Chronic Dizziness and Anxiety

[size=150]Chronic Dizziness and Anxiety - Effect of Course of Illness on Treatment Outcome[/size]

Jeffrey P. Staab, MD, MS; Michael J. Ruckenstein, MD, MSc
Arch Otolaryngol Head Neck Surg vol 131, Aug 2005

*Objective: To investigate the hypothesis that the efficacy of selective serotonin reuptake inhibitors (SSRIs) for chronic subjective dizziness (CSD) and anxiety depends on the longitudinal pattern of the patients’ symptoms. Patients: Eighty-eight consecutive patients treated with an SSRI for CSD and anxiety between 1998 and 2003. All patients were referred for evaluation of unremitting dizziness. They entered SSRI treatment after comprehensive neurotological and psychiatric evaluations revealed a syndrome of CSD with accompanying anxiety. Interventions: Patients with CSD were treated with an SSRI according to an established protocol for at least 8 weeks or until they proved intolerant to medication. Main Outcome Measures: Changes in dizziness and anxiety as measured by the Clinical Global Impressions–Improvement scale. Results: Patients with the otogenic and psychogenic patterns of illness had a more complete response to SSRI treatment than did patients in the interactive group (P < 0.01). Rates of SSRI intolerance were similar for all 3 groups. Conclusions: Selective serotonin reuptake inhibitors are effective for patients with CSD and anxiety. However, patients with clinically significant anxiety predating neurotological illness may require more intensive interventions. *

[size=150]Study Notes[/size]:

  1. Otogenic - this group had histories of transient or current neuroto- logical illnesses (eg. vestibular neuronitis, Ménière’s disease), but they developed persistent dizziness and anxiety for the first time after their acute neurotological event.

  2. Psychogenic - this group had primary anxiety disorders (eg. panic or generalised anxiety disorder) that presented with prominent dizziness in the absence of any neurotological illness.

  3. Interactive - this group had preexisting anxiety disorders or an anxiety diathesis (eg. self-limited periods of excessive worry) without dizziness. The developed chronic dizziness and an exacerbation of their psychiatric condition after they acquired a physical neurotologic illness.

They used the following SSRIs in the study: Prozac, Paxil, Zoloft, Cipramil and Lexapro. SSRI meds were titrated up from low doses to the full therapeutic dose over a 4 week period. Measures were taken at 8 weeks. They detected no difference in any of the meds as far as efficacy goes.

The otogenic and psychogenic group fared equally well with a reduction in both dizziness and anxiety. Reasons for this excellent response are not entirely clear, because SSRIs are not typically used to treat the types of phobic symptoms most commonly seen in these patients. It is possible that low-level anxiety symptoms responded to SSRI treatment, which indirectly improved their dizziness. However, the high percentage of patients with a complete remission of both dizziness and anxiety suggests that the SSRIs may have had a more direct effect on dizziness itself. Serotonin is present in the vestibular nuclei and affects the responsiveness of motion sensitive neural pathways from the vestibular nuclei through the inferior olive to the nodulus and flocculus of the cerebellum. These may be sites where SSRIs can directly decrease dizziness.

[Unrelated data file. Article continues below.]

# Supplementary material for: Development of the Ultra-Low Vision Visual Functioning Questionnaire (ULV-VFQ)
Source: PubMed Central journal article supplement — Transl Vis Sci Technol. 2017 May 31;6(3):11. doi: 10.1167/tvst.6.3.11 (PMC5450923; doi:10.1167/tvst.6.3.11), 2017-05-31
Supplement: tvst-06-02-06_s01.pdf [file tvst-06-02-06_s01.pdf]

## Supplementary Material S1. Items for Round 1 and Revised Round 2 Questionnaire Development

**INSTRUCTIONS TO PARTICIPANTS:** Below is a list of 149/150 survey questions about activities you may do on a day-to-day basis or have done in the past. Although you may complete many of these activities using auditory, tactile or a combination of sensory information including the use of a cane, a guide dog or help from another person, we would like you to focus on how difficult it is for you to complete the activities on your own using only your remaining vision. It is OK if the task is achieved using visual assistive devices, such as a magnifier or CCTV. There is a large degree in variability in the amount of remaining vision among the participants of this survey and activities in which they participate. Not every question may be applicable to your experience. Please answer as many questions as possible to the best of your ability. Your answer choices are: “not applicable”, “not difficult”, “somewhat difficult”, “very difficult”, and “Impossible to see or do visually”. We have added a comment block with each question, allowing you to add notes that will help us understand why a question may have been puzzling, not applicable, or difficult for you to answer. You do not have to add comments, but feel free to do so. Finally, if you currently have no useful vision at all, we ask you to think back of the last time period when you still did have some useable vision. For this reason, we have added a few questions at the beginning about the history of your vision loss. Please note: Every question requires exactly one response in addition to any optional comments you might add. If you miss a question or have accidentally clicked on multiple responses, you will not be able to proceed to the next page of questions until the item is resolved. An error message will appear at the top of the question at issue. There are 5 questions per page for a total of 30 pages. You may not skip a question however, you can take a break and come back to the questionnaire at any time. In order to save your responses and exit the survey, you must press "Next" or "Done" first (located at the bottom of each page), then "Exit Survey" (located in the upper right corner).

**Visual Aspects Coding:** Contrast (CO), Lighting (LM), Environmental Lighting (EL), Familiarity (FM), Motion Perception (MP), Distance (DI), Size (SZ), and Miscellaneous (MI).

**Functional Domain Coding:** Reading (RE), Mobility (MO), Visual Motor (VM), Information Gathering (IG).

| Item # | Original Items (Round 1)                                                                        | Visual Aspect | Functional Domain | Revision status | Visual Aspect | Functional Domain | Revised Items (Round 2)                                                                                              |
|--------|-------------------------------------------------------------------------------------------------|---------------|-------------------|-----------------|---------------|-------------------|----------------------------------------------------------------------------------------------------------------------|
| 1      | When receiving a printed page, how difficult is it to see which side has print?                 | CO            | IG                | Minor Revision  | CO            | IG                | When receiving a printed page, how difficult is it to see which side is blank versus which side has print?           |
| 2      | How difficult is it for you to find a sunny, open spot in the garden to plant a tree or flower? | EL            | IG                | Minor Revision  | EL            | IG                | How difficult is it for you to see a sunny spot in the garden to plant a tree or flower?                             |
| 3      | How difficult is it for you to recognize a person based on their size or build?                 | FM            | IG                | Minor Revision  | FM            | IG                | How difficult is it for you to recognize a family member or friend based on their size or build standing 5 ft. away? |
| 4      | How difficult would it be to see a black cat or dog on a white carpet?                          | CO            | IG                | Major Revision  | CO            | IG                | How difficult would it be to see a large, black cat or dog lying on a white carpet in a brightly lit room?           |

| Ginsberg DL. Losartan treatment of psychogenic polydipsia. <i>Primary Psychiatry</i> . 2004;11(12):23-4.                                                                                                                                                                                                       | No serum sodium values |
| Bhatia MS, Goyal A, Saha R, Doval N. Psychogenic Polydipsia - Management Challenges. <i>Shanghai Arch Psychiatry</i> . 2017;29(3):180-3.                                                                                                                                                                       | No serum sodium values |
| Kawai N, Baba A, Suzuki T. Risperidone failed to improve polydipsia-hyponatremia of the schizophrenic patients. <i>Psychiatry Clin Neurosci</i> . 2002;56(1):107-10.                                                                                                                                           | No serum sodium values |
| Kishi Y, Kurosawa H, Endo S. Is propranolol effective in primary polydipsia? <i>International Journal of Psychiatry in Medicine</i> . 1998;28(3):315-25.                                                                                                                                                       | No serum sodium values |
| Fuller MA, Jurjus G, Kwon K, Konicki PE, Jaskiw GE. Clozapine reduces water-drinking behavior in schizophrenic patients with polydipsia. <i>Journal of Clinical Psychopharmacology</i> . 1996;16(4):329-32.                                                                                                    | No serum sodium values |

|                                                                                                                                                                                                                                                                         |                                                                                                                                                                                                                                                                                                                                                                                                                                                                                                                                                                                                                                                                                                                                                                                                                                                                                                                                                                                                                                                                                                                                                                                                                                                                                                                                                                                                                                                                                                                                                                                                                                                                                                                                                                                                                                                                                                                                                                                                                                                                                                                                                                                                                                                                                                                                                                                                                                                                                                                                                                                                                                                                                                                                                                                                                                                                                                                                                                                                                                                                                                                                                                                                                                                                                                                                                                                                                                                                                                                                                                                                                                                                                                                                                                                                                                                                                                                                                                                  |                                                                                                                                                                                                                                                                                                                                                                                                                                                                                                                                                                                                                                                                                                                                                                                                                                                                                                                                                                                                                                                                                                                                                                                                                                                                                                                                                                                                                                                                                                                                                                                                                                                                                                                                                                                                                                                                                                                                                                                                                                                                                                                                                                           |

Neurotologists and others who regularly treat patients with chronic dizziness can feel confident recommending SSRI treatment for patients with otogenic and psychogenic patterns of illness.

Hi Scot,

I’ve been diagnosed with both BPPV and more resently MAC.
I have been having more headaches of late…following a long period
of BPPV and a constant sensations of movement, which brought on several
anxiety attacks…being in constant vertigo state I think was probable cause of it.
My headaches seem to be worse lately…I have been following the diet for
MAV for the last 4 weeks…I do not feel any change yet…not sure why…
This brings me to my question about medications…the doctor just ordered
a perscription for nortriptyline…after reading the side affects… I’m afraid to take it.
After reading your article about chronice dizziness and anxiety I wanted to ask
you your take on this medication or If you know of any history results you could share
with me…Any information would be greatly appreciated and helpful…
My deepest thanks regarding,

Kathleen, I have been bothered with MAV for probably eight years and have tried just about everything. My doctor put me on Nortrytilene with minimal results. The only side effects I experienced were afternoon sleepness. I took dosages of up to 50 mg before I gave up on them. I am now looking to try theraputic hypnosis. I’m wondering if anyone else has tried hypnotherapy.